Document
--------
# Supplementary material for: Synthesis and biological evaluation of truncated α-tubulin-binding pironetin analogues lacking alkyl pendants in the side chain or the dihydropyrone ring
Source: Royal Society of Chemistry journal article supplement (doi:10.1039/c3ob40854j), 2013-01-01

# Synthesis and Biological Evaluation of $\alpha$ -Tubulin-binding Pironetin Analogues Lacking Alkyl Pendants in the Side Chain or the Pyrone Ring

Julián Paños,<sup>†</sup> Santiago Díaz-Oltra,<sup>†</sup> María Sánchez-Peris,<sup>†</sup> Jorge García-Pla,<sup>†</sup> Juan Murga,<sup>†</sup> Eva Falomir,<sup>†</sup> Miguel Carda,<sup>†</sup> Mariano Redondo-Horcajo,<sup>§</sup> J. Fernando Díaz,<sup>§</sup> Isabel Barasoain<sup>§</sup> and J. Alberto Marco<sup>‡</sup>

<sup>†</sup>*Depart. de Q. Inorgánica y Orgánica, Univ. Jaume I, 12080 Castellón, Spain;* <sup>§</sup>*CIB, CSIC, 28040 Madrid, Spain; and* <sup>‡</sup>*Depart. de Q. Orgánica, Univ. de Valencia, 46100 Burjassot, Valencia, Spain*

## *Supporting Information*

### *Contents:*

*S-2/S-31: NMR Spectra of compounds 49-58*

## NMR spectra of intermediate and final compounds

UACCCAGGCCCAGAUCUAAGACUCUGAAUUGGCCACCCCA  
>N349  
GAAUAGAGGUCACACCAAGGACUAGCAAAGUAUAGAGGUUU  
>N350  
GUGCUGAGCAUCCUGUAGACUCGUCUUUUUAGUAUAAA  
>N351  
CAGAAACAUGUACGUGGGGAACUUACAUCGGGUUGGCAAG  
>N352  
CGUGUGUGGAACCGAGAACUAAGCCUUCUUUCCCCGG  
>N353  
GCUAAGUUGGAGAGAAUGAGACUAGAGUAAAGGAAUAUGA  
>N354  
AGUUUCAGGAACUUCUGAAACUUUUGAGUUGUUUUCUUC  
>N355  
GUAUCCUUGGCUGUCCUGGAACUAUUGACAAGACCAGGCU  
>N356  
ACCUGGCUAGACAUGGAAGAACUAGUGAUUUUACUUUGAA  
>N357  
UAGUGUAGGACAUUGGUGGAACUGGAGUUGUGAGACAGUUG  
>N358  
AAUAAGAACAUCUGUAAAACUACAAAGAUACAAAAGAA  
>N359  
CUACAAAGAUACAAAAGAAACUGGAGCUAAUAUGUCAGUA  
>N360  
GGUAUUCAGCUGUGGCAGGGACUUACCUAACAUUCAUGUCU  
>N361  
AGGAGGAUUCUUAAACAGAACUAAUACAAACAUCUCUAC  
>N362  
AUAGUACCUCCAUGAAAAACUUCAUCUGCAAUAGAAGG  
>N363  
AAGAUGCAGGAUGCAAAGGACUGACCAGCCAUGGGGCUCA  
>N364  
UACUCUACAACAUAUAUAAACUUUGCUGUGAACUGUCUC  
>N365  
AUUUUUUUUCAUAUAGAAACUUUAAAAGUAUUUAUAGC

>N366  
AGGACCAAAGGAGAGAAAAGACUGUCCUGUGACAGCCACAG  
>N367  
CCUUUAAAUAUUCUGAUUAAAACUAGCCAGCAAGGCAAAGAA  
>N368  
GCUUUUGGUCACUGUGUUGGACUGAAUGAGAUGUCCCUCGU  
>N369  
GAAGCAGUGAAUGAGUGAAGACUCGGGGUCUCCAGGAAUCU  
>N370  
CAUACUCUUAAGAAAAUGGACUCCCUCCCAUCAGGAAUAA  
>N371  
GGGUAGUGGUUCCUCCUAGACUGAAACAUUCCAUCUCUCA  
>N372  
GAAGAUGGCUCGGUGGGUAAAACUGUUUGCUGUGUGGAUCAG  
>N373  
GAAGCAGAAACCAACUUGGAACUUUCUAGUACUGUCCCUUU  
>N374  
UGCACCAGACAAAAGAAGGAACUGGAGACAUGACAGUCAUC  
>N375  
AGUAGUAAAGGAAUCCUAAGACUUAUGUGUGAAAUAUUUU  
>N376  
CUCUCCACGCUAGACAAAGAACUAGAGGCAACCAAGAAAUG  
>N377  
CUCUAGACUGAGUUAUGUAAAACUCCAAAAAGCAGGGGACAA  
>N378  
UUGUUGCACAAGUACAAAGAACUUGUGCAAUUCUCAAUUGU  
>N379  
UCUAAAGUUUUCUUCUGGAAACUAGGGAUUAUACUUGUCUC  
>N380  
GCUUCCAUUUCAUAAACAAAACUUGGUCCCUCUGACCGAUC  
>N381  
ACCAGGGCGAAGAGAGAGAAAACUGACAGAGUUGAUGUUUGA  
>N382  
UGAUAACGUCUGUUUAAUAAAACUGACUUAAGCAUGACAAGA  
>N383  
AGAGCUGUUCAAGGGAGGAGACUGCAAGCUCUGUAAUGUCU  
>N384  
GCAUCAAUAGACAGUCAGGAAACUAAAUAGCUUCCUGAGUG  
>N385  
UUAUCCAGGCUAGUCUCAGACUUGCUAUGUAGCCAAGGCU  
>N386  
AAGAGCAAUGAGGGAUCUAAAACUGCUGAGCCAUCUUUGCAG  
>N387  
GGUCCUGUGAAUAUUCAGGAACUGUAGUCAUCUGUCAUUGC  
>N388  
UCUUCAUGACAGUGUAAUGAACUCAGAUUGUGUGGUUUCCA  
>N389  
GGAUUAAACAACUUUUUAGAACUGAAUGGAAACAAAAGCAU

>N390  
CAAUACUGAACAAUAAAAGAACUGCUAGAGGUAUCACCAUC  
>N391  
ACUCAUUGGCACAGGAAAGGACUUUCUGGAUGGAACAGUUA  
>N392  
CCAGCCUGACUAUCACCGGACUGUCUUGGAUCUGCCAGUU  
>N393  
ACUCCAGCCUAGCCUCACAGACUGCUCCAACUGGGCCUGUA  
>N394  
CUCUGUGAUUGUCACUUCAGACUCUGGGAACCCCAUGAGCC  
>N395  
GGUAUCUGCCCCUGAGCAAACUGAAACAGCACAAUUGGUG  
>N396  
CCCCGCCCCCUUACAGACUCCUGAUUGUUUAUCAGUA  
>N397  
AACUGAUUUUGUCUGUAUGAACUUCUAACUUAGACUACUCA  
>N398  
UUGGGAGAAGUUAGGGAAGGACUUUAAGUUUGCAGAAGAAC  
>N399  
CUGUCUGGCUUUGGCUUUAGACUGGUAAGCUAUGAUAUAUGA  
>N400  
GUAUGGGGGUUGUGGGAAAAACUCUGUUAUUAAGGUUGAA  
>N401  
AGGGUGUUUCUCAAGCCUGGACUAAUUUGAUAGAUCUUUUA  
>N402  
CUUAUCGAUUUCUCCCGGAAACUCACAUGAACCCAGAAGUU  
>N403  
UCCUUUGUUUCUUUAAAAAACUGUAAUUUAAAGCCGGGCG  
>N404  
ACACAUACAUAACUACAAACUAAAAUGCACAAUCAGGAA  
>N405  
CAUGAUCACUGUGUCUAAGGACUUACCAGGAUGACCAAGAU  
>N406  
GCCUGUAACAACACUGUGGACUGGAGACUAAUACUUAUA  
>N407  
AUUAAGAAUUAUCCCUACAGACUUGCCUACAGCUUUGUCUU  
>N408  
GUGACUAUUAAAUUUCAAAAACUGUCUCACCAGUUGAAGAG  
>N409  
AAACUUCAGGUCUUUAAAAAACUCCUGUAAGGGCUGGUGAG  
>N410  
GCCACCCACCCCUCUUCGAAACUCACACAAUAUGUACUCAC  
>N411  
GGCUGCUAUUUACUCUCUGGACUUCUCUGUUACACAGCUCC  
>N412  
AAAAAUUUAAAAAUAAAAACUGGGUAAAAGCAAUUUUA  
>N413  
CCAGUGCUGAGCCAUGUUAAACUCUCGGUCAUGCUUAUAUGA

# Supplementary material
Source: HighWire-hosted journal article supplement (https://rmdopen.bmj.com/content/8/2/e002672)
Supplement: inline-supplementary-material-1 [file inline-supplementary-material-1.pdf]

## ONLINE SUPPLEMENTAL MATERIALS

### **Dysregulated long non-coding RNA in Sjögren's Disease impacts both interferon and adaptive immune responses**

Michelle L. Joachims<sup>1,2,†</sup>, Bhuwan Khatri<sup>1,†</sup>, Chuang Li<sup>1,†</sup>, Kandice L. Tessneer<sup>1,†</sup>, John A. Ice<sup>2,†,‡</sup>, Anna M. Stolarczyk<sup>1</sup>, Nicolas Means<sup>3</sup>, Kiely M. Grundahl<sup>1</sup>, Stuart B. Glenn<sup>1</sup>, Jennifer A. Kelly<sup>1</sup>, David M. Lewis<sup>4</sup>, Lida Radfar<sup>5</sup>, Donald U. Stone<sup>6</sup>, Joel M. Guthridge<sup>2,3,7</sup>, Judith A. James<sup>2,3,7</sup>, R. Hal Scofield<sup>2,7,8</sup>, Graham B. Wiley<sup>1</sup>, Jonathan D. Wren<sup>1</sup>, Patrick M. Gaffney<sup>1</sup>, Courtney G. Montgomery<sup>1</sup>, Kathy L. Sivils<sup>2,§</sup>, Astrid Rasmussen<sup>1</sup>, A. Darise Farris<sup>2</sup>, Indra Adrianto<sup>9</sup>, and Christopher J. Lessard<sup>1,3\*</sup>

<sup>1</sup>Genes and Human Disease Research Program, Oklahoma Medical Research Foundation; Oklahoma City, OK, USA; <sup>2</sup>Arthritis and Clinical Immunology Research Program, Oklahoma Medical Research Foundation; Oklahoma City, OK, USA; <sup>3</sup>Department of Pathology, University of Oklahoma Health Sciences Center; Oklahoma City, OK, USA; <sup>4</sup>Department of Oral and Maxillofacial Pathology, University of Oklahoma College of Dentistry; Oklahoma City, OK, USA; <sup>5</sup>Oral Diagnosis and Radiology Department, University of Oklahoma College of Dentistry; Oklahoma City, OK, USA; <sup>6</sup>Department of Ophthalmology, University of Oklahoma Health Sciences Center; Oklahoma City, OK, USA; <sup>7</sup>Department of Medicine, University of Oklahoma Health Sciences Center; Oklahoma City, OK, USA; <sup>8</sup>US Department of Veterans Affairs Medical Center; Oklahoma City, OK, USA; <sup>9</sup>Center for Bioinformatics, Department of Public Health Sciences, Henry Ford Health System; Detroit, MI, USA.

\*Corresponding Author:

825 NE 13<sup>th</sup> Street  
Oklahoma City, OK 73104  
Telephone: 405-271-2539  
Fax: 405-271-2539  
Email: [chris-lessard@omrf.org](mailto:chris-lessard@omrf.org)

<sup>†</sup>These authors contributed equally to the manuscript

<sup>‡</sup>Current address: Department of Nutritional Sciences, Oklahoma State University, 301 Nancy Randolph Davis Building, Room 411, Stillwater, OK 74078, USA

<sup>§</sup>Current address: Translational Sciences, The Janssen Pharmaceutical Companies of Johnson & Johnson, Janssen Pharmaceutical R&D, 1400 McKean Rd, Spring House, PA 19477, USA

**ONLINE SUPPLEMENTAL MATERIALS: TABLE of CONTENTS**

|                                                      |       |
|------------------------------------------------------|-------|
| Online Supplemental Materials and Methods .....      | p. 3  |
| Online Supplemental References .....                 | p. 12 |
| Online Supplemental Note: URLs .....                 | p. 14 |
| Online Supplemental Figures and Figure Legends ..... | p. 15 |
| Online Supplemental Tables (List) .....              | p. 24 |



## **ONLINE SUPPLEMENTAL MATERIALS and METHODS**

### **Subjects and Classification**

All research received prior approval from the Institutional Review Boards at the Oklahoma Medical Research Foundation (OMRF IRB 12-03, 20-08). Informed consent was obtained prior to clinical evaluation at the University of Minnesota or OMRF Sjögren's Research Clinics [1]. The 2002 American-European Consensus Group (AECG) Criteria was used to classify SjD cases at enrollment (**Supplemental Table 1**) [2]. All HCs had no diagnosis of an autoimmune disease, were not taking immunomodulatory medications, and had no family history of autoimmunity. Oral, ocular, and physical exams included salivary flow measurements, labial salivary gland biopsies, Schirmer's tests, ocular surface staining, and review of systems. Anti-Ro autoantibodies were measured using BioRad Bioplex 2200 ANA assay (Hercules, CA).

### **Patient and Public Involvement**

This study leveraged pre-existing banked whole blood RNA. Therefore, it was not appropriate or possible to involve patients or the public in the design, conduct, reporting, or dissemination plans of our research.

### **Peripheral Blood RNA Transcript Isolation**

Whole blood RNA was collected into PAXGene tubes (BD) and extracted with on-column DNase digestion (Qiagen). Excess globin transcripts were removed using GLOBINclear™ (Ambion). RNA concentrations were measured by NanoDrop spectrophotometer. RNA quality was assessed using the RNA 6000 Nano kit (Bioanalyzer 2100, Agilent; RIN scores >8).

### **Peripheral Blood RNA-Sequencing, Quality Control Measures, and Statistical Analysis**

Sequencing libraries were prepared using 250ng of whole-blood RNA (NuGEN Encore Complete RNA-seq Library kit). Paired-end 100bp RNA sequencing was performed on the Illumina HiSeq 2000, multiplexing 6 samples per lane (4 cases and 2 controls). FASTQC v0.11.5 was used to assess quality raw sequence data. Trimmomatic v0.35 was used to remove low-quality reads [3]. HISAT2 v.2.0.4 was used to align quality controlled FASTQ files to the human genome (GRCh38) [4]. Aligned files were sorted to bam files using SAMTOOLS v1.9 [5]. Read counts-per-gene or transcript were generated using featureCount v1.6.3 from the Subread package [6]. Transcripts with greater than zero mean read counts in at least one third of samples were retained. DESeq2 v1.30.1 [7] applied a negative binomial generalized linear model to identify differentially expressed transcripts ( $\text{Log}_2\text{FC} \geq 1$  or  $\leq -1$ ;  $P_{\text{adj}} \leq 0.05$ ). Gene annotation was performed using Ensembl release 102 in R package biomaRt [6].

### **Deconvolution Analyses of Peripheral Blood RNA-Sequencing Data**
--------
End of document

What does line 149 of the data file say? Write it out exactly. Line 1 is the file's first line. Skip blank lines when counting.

825 NE 13<sup>th</sup> Street  